What do nurses do?

In my PhD, I found out that nurses understand their work differently. Nurses explain their work by its role in the healthcare system, not by the tasks they do. Nurses told me they understood their work by its role or purpose, and what their overall goals were. This was true no matter where a nurse worked.

This frame is important for two reasons: 1) it meant that nurses weren’t defined by their tasks, and 2) a role frame enabled nurses to adapt their work. Nurses told me that they would do whatever they needed to do during their shift, whether it was in the job description or not. They had a spirit of teamwork and weren’t picky about what specific jobs they were ‘supposed’ to do. Nurses also recognized that nursing changes every day, and there is no rigid list of things that they do. Nurse did not define their work by its tasks, so understanding nurses based on the tasks nurses completed didn’t make sense.

Nurses also adapted their work constantly. Thinking of their work as a role helped them do this. If nurses were focused on tasks, they couldn’t adapt. However, they focused on their role, and then they could respond to any needs in their setting.

Nurses described their roles in three ways: clinical work, managing work, and enabling work. These roles aren’t separate. You might do all three in the same job. What was different was the purpose of this work, and which type of work was the most prominent.

Clinical Work

Clinical work was perhaps the most obvious type of work- work where nurses work directly with patients, families, and communities. This work involved giving medications, assessments, teaching, and other activities that were directly patient facing.

This isn’t a surprise. The interesting findings were that this is not all that nurses do. Nursing is much more than patient care.

Managing work

Managing workis a unique contribution that nurses make to healthcare. Nurses’ managing work keeps the healthcare system running. In hospitals, managing work refers to looking after a ward. It can include everything from ordering towels to hiring new staff. Nurses are the ones who do this, because other professions move all over the hospital. Nurses tend to stay in a specific space, so they have developed this role. In community settings, nurses may manage things like equipment for someone’s home, rather than a physical space like a ward.

Managing work can also be for patients, such as arranging discharge, diagnostic tests, or appointments with other professionals. Nurses may think managing takes them away from their ‘real’ work, but my research found managing IS real nursing work. Nurses know who to phone, what to ask for, how to navigate the system, and take for granted the skills and knowledge that are required to keep everything going.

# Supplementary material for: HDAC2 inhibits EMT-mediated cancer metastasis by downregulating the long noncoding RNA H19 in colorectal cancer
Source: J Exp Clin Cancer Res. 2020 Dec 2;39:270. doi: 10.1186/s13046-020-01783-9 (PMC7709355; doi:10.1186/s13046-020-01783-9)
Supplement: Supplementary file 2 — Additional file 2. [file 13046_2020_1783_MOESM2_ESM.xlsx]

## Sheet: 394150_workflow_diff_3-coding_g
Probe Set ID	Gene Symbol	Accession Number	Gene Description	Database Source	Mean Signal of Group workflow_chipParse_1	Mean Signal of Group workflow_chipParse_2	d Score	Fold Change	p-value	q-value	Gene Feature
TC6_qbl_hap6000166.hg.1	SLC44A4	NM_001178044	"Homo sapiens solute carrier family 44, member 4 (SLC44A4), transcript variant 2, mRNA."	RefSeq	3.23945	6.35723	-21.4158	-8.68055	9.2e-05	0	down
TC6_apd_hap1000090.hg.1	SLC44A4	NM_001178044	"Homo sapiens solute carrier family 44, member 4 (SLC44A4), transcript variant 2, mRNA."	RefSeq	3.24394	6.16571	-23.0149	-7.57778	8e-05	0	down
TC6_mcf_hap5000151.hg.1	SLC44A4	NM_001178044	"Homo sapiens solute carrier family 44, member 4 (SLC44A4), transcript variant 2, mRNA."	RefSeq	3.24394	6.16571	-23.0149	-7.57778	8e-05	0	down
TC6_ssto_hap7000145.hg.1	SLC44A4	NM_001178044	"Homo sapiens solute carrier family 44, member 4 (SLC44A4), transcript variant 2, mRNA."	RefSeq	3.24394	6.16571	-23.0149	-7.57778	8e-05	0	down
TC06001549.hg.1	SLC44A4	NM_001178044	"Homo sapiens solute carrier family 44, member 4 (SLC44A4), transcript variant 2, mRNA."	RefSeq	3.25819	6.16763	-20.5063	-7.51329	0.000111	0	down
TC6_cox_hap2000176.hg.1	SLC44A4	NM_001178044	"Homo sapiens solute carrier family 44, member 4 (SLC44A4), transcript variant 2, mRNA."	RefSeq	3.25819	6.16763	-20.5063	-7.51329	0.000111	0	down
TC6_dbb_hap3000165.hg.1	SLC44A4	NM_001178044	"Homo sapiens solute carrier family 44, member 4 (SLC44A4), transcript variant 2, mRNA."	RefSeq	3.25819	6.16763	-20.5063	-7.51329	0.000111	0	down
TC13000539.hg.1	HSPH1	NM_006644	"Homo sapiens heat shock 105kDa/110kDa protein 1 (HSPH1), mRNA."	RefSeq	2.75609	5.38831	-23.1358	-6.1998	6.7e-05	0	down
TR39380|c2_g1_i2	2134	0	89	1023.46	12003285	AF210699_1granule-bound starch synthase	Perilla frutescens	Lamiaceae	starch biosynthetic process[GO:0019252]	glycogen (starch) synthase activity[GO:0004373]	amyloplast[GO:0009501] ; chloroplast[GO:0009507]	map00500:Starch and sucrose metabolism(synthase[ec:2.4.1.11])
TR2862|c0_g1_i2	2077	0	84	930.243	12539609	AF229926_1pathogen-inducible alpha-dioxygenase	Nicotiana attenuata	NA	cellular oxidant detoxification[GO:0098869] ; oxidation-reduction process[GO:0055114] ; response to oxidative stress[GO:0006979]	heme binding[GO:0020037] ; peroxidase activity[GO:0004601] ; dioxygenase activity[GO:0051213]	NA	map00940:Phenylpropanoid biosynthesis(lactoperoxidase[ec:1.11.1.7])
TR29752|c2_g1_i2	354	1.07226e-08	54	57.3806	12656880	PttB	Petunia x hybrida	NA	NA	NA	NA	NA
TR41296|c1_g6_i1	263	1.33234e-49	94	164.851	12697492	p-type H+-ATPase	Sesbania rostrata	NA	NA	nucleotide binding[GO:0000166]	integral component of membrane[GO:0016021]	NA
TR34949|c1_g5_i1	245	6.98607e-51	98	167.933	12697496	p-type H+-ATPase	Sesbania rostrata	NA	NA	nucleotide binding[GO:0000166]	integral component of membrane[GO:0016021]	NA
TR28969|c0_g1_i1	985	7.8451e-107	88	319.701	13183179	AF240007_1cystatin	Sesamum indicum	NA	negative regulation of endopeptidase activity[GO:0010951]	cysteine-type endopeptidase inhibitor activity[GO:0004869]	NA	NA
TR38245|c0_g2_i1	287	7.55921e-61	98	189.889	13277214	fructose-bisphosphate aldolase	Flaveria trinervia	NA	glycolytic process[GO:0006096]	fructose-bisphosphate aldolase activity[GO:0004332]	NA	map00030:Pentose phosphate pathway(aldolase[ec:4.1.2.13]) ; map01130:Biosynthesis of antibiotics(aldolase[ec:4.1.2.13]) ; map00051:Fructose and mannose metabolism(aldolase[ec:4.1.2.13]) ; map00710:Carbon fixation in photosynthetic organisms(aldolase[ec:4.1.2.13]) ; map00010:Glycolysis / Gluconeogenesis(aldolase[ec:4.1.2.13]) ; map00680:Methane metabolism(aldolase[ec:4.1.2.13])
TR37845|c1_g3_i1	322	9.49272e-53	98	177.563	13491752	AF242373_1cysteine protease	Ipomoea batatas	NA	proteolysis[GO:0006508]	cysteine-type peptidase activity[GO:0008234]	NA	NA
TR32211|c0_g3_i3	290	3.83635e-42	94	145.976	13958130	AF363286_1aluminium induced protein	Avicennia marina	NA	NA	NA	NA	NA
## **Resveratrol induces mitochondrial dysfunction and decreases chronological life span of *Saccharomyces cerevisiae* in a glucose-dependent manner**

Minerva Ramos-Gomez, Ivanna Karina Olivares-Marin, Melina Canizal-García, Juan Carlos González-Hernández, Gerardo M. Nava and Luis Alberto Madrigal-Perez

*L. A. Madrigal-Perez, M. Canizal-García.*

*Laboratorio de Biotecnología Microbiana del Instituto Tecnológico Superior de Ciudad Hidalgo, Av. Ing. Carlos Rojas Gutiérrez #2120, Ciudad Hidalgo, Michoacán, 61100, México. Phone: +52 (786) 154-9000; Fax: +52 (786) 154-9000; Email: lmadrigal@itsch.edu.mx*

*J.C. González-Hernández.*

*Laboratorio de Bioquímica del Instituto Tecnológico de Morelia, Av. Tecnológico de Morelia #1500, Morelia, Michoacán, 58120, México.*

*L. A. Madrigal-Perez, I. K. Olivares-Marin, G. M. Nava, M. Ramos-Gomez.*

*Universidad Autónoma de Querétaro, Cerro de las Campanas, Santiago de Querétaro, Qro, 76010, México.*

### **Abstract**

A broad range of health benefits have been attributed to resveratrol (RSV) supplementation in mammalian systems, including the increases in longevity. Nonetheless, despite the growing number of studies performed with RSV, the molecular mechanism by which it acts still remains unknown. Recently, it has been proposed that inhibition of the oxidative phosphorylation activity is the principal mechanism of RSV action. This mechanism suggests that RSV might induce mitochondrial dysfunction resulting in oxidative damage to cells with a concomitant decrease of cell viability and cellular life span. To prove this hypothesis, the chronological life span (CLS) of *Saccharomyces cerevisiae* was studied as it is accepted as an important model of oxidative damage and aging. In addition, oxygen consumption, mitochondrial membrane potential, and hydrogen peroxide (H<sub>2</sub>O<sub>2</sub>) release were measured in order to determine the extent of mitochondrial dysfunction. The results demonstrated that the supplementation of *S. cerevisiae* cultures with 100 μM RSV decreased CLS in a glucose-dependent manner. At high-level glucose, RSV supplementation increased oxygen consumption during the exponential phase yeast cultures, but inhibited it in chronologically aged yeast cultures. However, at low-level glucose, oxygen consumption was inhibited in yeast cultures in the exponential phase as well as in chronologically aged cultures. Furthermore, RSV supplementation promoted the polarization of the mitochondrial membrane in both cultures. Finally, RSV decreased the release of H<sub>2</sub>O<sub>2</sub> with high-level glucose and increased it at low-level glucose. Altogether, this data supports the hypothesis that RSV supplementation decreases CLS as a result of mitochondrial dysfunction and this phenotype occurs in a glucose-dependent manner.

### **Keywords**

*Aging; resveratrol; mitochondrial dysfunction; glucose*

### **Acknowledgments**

Enabling work

Enabling work ensures we have a nursing profession and a health system! Enabling roles include education, policy, organizational leadership, and research. These roles are the things that make nursing a profession with a distinct body of knowledge. This work does not necessarily connect with patients, but that doesn’t mean that it isn’t essential for our profession.

So what?
The main finding is that nursing work is not all patient careThis is a fundamental change in how we understand what it is that nurses do. Many of our tools to determine staffing are based on patient census and acuity, BUT that means we are only staffing for patient-directed work. My research demonstrated that nurses do a lot of other work, which is not taken into account for staffing models. A change could be to discuss what nurses actually do, and how the breadth of this work can be considered when making staffing decisions. This could mean nurses are asked to do an appropriate amount of work per shift, so that patients get better care, there is less burnout, and fewer injuries etc. Some nurses might think this is obvious, but the profession has not been great at explaining what we do, and how we add value to healthcare systems. Hopefully this research can provide nurses with language that explains their work, regardless of setting or patient population. It can also help to enrich the conversation within nursing itself. There can be ideas that, if you don’t work with patients, you’re ‘not a real nurse anymore’. This study has proven, this isn’t true. We need all of these roles, or we won’t be a profession. Nurses can consider how to explain their work, and how roles work together, to ensure nursing work is recognized, paid appropriately, and supported. As a result, patients will get better care.